On Monday, July 18, 2022, a mutual friend and fellow thespian, Edmond Emuesiri Enaibe, shocked me with a message: “Aunty Sola has gone home to rest. Finally. She lived life. She surprised many with her love for life. Sola was the quintessential artiste who found joy in performance; whether on stage or in front of camera. Never satisfied with one role interpretation, Sola pushed the limits to BE the role she plays.”
In her own case, Ameh started her onward journey to adulthood on quite shaky foundations: she got pregnant at 13 and gave birth at 14. The conclusion was, it was God’s gift: so the child was named Aladi Godgift. But this challenge which arrested her educational pursuit did not stop her strive to be successful in life. In 1995, she turned to the theatre and the following year, featured in the movie, Domitila, which pushed her into the limelight. She went on to do some 30 more movies, including King of Shitta, A Million Baby, Ghana Must Go and Oloture, a 2019 crime drama on human trafficking. Perhaps the job that gave her the greatest visibility is the running television series, The Johnsons, in which she played the matriarch, Mrs Emu Johnson, the semi-illiterate but street wise “Original First Lady” married to a scientist with a mercurial temper.
Ameh’s preferred genre was comedy, but tragedy did not seem to be too far from her real life. By 46, she had lost three brothers, her father and three sisters with each sister leaving behind three children apiece. The death in 2018 of Ajuma Ameh, her younger sister, a footballer and assistant coach of the Under-19 Female National Team, seemed the most devastating to her. She said of it: “After she died, I thought I was going to be the next.”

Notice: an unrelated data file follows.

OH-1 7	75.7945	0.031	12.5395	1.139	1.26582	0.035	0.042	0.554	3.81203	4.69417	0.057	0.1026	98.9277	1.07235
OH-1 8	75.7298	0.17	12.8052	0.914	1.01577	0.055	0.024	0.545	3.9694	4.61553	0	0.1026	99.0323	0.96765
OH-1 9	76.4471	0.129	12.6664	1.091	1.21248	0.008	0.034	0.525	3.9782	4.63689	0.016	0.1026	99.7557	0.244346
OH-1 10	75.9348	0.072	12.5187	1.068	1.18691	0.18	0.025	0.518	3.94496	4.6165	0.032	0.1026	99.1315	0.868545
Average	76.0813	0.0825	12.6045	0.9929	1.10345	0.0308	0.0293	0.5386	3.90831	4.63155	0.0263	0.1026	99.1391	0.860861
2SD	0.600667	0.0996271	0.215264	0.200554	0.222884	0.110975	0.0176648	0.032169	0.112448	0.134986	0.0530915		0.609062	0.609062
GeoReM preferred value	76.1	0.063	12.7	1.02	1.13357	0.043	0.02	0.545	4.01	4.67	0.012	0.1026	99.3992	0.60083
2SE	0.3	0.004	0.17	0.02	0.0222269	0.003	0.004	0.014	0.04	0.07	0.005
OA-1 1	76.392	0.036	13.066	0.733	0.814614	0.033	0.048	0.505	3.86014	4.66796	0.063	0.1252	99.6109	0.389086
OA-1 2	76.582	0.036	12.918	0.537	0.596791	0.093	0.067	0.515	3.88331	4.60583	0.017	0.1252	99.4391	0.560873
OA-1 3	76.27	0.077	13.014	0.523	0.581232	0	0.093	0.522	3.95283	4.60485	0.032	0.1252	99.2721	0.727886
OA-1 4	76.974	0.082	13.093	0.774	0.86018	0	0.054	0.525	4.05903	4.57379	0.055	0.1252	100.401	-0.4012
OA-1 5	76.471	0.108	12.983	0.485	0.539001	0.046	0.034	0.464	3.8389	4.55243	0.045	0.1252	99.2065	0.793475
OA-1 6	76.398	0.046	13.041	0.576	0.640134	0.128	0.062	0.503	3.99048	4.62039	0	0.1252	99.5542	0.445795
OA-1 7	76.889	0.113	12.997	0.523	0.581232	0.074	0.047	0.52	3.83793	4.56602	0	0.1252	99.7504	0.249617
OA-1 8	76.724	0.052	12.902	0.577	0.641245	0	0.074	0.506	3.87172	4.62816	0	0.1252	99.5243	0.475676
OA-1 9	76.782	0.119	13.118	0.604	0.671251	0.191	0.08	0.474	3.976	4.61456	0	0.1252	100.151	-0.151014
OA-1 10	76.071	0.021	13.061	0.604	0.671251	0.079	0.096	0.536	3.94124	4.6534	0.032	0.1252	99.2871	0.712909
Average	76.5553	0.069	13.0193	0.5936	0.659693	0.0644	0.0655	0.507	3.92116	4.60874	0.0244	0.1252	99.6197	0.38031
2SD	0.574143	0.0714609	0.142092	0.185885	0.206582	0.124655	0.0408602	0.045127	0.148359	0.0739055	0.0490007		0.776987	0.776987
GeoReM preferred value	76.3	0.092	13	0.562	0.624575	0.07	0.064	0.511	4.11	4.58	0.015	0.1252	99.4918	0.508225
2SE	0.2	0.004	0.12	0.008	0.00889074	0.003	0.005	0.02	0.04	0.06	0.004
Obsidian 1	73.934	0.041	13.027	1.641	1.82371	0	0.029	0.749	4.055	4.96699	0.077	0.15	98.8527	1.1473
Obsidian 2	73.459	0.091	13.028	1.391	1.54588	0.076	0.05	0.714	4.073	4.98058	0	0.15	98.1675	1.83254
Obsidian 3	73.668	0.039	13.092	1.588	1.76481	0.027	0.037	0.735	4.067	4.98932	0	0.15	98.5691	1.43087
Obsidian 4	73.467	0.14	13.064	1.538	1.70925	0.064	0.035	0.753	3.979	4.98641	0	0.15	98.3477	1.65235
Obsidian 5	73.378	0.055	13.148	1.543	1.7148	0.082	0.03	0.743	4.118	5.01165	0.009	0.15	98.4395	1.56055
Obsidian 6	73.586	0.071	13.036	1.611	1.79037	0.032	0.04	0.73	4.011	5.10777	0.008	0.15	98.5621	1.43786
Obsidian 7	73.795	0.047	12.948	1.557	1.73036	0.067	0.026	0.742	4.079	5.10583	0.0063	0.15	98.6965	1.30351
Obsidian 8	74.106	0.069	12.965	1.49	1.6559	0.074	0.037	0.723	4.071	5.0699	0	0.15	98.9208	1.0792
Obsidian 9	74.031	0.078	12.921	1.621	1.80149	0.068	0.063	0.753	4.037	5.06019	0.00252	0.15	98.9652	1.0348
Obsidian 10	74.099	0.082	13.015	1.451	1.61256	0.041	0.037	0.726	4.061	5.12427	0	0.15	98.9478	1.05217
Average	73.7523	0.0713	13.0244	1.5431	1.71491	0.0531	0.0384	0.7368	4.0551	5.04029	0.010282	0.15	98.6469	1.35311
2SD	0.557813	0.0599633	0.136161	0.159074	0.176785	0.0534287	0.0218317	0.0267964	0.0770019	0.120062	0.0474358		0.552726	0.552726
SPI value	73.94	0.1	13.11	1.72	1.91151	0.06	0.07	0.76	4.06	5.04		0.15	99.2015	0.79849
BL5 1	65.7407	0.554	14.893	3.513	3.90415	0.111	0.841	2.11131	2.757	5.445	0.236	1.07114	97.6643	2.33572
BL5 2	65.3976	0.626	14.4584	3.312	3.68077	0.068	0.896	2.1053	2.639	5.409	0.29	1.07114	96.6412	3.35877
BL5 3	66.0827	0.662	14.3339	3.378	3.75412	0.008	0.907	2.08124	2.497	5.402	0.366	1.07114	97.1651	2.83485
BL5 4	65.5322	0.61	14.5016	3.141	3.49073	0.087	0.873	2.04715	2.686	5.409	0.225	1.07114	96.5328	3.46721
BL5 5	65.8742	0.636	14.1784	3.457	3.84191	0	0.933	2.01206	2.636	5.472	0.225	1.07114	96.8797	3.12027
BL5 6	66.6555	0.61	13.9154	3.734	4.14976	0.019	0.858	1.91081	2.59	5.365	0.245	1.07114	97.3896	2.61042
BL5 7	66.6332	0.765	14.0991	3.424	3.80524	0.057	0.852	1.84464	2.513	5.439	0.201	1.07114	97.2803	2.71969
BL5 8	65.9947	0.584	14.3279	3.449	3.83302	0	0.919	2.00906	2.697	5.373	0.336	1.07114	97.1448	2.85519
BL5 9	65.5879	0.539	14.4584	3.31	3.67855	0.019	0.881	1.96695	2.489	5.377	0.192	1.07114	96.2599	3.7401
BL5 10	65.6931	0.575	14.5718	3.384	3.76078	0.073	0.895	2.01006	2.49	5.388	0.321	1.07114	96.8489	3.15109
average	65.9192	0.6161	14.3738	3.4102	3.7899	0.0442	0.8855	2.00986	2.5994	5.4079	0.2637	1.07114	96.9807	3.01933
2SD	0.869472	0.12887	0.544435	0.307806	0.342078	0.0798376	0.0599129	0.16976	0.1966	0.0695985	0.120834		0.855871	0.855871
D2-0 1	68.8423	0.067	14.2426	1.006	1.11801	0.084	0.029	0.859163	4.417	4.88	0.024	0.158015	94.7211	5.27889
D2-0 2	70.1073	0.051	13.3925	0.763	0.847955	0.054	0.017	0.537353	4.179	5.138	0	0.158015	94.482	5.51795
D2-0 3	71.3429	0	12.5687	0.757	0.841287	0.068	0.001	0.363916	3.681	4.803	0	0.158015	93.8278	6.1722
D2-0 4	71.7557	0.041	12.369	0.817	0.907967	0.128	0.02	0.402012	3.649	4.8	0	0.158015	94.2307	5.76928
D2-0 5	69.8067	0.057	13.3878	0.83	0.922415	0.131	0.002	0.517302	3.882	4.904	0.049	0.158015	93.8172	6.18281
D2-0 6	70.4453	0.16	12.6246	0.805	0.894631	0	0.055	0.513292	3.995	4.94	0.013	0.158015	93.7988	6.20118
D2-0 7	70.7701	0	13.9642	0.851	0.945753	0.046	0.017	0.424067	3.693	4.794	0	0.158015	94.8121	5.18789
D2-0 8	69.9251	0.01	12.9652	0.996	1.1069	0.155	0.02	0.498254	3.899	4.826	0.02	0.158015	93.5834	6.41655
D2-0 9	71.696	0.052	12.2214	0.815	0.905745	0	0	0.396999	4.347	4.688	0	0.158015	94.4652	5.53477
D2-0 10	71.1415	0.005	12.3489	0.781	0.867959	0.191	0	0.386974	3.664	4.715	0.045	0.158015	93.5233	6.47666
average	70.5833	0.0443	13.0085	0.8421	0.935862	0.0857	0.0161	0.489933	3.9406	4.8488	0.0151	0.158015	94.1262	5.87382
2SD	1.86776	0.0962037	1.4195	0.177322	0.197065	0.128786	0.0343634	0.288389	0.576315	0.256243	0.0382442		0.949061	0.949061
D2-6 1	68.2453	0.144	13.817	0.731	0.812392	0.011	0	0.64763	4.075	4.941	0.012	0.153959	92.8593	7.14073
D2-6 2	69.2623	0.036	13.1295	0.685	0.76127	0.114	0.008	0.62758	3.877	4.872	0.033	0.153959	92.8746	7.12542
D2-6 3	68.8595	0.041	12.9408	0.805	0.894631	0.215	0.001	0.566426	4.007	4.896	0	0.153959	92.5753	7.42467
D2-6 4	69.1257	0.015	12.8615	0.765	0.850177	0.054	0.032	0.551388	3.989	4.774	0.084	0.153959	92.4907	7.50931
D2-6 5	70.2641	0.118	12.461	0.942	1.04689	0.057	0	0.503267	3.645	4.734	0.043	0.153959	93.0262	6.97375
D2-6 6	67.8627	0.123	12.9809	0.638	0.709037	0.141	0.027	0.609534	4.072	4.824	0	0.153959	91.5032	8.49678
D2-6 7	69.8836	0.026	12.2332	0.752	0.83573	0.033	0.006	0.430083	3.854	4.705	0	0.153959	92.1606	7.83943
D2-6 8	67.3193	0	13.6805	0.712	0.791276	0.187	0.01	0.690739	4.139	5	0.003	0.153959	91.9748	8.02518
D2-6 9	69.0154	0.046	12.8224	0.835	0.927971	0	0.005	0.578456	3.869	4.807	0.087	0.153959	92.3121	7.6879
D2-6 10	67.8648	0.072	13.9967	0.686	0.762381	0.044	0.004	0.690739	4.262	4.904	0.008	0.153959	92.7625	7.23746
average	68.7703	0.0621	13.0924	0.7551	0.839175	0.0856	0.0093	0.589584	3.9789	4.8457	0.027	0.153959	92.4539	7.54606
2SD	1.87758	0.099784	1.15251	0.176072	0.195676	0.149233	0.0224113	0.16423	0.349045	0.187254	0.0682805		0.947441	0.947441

But the worst was yet to come and nothing could have prepared her for a more devastating tragedy. On October 20, 2020, her only child with whom she grew up like a sister, becoming her gist partner and confidant, departed. It appeared she could take no more. She said of Aladi Godgift’s death: “I just saw my world crumble before me.” The strong lady battled to keep afloat in the ocean of tragedies threatening to drown her. Depression set in. But with the help of doctors, friends and a very supportive Nollywood tribe, she fought so well that she continued to be boisterous, bringing laughter to audiences across Africa in The Johnsons.
Ameh advised all those with mental health issues not to live in the closet, but seek medical assistance and go on with life. She said in a television interview: “Some people say they want to commit suicide and I ask them why? After burying seven family members, and my daughter became the eighth, you know what that means? I have died a thousand times.”
Ameh revealed a company had sued her for a large sum of money for not delivering on a job due to her state. In those trying times, she plunged herself into work and remained quite humorous.
On Sunday, July 17, 2022, Ameh at 12.53pm made a post on her Instagram page at lunch in Warri while visiting a family. She was her usual boisterous and jovial self. She suddenly collapsed at 11pm. Before help could reach her, the strong lady was at Heaven’s Gate.